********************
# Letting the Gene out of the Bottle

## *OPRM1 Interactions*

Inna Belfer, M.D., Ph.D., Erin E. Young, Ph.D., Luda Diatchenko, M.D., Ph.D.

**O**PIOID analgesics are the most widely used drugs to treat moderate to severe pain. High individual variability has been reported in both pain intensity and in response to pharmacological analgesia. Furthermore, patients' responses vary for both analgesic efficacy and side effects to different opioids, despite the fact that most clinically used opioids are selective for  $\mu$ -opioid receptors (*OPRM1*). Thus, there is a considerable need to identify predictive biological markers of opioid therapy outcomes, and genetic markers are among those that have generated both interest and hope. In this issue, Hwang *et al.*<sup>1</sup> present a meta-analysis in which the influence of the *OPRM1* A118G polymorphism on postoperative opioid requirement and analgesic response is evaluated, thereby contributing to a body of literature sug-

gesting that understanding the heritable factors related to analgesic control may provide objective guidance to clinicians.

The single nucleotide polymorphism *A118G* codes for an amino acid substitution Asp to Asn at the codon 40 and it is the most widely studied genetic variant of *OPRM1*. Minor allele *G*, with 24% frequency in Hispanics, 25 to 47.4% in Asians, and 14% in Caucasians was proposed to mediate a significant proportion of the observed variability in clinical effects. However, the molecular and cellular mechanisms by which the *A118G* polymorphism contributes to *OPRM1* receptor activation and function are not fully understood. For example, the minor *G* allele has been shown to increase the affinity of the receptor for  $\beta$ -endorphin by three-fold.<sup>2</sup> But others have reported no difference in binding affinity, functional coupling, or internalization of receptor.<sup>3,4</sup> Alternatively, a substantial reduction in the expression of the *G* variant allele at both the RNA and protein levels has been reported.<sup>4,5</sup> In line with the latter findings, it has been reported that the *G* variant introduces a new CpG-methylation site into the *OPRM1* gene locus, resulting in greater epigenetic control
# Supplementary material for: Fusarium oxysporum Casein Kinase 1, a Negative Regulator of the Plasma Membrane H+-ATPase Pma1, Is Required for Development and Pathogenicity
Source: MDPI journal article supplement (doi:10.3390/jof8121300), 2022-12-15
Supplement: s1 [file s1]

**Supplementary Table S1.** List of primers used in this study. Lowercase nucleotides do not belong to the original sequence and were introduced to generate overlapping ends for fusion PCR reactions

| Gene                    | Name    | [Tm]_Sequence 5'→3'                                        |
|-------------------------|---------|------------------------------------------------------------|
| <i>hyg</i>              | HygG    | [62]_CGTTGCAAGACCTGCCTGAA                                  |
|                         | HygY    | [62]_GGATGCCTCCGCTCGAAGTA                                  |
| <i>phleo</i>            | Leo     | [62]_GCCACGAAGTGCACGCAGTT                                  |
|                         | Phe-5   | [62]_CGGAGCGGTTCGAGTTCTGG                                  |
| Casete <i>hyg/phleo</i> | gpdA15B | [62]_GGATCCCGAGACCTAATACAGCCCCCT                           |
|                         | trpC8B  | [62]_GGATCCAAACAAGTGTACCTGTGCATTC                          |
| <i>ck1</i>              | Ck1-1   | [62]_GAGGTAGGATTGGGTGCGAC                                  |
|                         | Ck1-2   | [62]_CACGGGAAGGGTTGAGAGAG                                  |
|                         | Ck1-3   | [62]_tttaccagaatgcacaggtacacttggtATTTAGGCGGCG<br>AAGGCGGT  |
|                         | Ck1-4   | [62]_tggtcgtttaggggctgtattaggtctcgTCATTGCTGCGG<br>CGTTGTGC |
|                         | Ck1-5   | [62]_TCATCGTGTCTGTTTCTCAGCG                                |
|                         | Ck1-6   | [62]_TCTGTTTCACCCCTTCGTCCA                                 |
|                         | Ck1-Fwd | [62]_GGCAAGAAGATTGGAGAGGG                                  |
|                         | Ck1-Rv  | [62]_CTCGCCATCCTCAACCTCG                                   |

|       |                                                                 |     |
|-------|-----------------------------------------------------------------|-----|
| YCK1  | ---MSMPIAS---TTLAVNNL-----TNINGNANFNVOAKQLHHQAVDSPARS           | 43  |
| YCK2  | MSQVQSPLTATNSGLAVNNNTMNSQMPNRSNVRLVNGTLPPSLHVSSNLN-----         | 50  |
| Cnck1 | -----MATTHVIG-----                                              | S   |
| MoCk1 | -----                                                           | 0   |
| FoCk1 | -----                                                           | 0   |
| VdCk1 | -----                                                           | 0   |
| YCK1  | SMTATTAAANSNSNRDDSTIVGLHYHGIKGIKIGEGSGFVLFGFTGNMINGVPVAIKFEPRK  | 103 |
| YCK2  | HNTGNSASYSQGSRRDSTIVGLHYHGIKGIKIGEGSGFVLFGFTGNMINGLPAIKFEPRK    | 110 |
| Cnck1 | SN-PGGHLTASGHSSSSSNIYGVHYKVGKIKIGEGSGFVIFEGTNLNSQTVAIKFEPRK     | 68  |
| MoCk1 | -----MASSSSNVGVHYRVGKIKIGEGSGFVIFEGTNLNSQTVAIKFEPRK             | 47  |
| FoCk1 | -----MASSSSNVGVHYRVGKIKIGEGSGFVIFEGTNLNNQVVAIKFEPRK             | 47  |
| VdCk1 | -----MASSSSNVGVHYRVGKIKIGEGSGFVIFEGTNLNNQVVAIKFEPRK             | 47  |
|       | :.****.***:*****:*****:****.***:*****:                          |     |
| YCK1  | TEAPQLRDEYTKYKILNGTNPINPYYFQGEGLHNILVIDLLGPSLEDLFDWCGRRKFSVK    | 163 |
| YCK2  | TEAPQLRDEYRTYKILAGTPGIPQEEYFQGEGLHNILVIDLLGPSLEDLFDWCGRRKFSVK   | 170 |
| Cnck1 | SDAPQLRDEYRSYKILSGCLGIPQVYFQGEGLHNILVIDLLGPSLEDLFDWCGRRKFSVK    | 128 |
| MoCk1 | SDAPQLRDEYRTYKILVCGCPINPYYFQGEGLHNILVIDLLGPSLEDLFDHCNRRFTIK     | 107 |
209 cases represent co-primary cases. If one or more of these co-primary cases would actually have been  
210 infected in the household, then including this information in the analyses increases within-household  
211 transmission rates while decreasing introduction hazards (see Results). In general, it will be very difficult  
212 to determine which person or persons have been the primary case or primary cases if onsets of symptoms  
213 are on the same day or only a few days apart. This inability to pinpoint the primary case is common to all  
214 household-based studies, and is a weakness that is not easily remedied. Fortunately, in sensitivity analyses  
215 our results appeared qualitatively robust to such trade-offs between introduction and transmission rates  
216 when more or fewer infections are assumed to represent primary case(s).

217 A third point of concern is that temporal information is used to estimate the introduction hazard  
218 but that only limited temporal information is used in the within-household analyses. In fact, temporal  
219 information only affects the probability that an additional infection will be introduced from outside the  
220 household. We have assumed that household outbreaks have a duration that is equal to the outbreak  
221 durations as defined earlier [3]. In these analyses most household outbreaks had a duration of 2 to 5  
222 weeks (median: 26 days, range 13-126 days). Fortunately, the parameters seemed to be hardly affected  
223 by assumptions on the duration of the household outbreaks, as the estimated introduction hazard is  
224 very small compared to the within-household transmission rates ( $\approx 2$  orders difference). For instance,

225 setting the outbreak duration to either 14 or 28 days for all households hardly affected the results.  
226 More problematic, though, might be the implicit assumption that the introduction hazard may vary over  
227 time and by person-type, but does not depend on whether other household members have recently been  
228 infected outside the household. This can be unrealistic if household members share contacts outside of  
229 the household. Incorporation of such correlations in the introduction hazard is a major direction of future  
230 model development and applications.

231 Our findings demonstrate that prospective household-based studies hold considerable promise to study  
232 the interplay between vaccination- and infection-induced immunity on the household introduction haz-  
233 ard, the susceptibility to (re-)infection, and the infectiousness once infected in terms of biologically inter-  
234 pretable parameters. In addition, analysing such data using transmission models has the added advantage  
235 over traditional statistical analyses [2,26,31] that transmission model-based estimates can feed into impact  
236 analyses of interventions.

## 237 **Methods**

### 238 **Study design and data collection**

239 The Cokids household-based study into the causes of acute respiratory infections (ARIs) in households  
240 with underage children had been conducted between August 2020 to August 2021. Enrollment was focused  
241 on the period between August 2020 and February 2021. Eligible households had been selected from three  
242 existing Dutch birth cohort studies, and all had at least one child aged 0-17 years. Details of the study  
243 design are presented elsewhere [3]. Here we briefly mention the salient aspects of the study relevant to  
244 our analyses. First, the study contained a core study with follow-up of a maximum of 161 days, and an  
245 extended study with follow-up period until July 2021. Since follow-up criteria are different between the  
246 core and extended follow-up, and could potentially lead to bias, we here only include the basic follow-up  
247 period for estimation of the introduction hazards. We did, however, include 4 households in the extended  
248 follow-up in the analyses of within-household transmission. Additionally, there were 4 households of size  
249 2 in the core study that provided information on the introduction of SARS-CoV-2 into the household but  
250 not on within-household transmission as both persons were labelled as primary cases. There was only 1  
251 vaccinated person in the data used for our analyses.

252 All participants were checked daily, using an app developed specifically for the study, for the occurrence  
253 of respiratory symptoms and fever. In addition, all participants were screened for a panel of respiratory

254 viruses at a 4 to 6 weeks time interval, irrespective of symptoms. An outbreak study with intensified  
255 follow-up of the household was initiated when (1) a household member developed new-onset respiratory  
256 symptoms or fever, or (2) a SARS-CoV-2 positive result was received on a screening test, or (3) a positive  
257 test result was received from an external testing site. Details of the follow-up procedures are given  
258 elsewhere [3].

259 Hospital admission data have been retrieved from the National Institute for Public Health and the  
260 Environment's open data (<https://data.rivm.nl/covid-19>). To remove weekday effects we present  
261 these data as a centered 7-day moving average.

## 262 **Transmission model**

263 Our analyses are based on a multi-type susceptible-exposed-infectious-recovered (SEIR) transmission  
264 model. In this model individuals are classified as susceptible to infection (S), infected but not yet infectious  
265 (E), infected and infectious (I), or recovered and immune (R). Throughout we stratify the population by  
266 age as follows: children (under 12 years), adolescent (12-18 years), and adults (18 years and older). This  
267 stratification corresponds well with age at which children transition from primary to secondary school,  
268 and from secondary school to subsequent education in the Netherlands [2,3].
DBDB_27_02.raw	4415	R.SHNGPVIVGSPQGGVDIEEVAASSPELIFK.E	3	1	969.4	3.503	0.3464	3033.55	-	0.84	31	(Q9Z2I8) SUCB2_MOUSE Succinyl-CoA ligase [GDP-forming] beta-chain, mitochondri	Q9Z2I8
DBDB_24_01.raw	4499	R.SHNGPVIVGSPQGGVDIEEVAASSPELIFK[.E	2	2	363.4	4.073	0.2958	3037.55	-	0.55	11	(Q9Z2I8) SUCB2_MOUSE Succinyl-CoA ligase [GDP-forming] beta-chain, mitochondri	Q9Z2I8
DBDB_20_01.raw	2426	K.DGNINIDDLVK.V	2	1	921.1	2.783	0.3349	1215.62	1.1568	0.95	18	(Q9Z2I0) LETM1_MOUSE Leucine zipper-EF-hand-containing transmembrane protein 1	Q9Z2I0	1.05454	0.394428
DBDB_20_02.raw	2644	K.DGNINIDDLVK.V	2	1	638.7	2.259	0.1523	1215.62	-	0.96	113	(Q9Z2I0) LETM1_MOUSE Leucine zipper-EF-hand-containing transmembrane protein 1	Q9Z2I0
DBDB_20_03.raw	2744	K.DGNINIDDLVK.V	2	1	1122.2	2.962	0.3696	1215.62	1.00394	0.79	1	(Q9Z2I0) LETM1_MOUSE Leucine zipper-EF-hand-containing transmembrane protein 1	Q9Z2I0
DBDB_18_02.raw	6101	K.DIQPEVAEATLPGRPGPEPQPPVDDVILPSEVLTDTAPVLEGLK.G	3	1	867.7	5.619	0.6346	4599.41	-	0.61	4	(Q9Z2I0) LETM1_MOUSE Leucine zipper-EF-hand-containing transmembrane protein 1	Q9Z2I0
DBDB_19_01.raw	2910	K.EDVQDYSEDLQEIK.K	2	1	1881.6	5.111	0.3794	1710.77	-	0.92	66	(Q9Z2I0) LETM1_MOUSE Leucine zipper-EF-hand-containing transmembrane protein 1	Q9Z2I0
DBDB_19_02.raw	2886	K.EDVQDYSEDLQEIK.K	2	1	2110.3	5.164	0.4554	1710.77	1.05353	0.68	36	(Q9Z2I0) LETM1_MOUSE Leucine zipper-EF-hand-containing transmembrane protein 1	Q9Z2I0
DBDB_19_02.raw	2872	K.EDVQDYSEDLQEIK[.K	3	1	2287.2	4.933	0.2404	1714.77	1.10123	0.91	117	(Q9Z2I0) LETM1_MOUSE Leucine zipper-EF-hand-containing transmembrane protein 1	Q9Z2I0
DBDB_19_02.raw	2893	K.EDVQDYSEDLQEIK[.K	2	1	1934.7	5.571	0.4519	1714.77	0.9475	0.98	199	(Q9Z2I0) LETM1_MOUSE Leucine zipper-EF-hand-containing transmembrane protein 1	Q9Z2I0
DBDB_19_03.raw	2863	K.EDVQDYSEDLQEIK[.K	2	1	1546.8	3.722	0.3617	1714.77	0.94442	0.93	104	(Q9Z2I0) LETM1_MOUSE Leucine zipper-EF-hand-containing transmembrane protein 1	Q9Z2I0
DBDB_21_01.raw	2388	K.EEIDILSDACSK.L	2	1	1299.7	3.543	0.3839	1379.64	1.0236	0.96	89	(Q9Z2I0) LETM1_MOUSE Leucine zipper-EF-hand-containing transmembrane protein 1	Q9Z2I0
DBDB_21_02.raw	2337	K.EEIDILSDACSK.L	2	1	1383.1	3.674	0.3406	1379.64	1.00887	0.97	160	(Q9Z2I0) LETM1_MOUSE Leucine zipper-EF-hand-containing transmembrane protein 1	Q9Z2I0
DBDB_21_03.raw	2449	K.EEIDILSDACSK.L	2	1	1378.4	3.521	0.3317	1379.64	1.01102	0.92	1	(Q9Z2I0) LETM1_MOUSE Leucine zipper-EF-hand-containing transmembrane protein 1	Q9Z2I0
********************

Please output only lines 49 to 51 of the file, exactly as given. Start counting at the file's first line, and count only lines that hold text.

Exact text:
212 to determine which person or persons have been the primary case or primary cases if onsets of symptoms  
213 are on the same day or only a few days apart. This inability to pinpoint the primary case is common to all  
214 household-based studies, and is a weakness that is not easily remedied. Fortunately, in sensitivity analyses  